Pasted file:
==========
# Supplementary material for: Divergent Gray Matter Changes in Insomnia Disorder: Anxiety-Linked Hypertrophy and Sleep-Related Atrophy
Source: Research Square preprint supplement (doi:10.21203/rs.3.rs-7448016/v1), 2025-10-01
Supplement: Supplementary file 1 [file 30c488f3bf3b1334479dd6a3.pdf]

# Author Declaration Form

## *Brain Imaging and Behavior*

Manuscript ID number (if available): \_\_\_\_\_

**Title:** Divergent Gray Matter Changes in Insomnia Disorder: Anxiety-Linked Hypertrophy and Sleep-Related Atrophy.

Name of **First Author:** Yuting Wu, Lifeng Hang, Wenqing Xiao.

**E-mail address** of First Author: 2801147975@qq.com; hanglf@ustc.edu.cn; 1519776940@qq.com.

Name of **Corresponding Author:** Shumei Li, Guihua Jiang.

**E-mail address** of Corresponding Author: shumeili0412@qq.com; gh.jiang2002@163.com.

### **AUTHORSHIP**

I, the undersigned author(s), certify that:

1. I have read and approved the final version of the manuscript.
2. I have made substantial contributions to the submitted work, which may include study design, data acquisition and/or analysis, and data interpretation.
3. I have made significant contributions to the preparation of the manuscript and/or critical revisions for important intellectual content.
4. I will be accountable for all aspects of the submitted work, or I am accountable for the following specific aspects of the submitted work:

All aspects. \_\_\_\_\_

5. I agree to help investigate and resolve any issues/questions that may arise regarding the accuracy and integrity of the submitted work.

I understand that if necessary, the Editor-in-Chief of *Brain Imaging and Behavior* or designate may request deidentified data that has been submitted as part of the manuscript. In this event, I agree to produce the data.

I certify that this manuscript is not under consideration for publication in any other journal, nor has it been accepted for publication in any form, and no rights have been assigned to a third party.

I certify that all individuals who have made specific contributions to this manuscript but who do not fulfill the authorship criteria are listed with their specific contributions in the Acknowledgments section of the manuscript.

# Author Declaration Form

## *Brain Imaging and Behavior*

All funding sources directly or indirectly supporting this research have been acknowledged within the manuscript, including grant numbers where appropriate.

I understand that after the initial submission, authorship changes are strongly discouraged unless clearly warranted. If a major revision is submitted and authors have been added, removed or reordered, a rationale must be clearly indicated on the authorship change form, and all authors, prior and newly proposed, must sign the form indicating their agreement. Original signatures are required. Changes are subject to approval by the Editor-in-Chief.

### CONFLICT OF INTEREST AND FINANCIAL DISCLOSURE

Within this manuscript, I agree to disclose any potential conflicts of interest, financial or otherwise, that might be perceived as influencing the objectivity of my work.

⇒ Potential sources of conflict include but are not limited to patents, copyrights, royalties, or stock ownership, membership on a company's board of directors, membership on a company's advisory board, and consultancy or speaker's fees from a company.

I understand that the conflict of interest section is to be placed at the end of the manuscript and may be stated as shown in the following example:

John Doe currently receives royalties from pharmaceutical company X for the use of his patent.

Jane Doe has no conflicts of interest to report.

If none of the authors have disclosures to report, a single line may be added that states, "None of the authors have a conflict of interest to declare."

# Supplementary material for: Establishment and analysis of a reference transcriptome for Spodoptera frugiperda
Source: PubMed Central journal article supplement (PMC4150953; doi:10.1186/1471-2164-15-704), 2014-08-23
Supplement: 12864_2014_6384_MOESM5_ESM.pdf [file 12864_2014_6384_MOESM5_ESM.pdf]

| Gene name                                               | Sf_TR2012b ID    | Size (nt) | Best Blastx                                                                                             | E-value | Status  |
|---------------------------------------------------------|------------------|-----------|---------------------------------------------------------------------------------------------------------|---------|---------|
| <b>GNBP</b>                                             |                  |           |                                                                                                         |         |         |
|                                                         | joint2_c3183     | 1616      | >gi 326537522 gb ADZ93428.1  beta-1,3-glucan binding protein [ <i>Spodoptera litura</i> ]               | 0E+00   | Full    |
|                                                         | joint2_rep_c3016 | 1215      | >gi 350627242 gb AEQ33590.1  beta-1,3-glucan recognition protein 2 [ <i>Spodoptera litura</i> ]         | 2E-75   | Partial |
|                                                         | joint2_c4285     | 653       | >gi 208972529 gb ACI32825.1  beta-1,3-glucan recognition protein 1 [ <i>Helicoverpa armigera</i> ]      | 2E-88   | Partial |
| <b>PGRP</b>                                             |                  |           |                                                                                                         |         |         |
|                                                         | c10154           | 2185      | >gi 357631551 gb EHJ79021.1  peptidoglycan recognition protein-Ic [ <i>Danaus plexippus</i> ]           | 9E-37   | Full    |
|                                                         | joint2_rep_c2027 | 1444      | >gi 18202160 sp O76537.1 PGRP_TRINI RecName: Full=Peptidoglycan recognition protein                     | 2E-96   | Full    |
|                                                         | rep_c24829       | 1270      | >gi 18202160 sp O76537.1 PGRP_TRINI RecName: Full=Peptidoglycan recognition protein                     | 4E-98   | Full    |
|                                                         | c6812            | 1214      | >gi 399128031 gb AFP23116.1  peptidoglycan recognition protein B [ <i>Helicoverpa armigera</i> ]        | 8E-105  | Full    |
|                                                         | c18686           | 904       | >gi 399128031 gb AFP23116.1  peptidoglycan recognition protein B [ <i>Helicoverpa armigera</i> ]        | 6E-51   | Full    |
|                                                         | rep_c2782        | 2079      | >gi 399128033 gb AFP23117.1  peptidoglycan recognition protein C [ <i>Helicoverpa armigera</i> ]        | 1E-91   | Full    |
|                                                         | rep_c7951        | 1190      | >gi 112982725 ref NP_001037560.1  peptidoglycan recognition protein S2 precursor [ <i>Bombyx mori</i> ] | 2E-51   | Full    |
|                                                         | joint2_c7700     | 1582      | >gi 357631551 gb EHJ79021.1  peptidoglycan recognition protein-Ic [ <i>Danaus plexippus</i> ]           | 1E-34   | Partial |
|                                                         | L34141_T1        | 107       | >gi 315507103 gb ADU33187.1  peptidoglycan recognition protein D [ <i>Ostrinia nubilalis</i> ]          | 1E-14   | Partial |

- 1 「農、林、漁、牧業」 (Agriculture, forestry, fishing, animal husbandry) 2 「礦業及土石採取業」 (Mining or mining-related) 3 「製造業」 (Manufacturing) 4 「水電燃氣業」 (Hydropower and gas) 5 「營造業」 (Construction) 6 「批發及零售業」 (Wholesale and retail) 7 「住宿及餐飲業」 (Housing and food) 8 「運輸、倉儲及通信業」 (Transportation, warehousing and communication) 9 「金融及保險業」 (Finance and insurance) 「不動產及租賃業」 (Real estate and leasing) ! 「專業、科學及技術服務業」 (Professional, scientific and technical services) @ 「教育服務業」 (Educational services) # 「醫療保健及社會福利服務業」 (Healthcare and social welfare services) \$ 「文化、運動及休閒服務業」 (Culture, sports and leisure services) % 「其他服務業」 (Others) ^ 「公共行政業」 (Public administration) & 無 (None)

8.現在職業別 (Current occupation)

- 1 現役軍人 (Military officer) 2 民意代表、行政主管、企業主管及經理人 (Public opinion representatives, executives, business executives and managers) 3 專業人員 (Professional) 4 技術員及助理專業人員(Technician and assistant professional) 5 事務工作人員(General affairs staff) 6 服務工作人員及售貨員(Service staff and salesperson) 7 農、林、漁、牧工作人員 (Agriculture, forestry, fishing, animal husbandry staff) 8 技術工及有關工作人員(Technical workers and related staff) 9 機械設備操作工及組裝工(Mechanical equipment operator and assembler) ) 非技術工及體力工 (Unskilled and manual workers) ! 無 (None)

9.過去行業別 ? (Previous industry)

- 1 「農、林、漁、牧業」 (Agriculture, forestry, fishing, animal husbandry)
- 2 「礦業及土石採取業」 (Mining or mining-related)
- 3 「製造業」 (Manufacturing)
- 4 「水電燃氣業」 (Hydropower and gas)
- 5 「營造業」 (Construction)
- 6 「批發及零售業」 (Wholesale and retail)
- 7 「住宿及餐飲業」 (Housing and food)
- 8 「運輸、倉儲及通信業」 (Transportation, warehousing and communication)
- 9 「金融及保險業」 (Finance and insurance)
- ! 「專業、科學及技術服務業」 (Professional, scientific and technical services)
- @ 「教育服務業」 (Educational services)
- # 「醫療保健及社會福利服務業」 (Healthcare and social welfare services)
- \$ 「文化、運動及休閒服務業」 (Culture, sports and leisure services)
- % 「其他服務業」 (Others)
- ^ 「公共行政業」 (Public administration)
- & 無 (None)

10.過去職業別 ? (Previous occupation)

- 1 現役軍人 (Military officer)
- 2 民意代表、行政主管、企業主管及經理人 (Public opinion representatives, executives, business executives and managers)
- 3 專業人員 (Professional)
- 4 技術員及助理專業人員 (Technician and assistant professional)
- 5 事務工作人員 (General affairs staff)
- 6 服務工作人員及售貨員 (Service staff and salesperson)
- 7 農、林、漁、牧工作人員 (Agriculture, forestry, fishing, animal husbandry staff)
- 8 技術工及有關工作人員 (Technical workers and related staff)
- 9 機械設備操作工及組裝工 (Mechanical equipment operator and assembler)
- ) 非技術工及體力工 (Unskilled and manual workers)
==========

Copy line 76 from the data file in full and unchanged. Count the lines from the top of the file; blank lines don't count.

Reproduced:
- 3 專業人員 (Professional)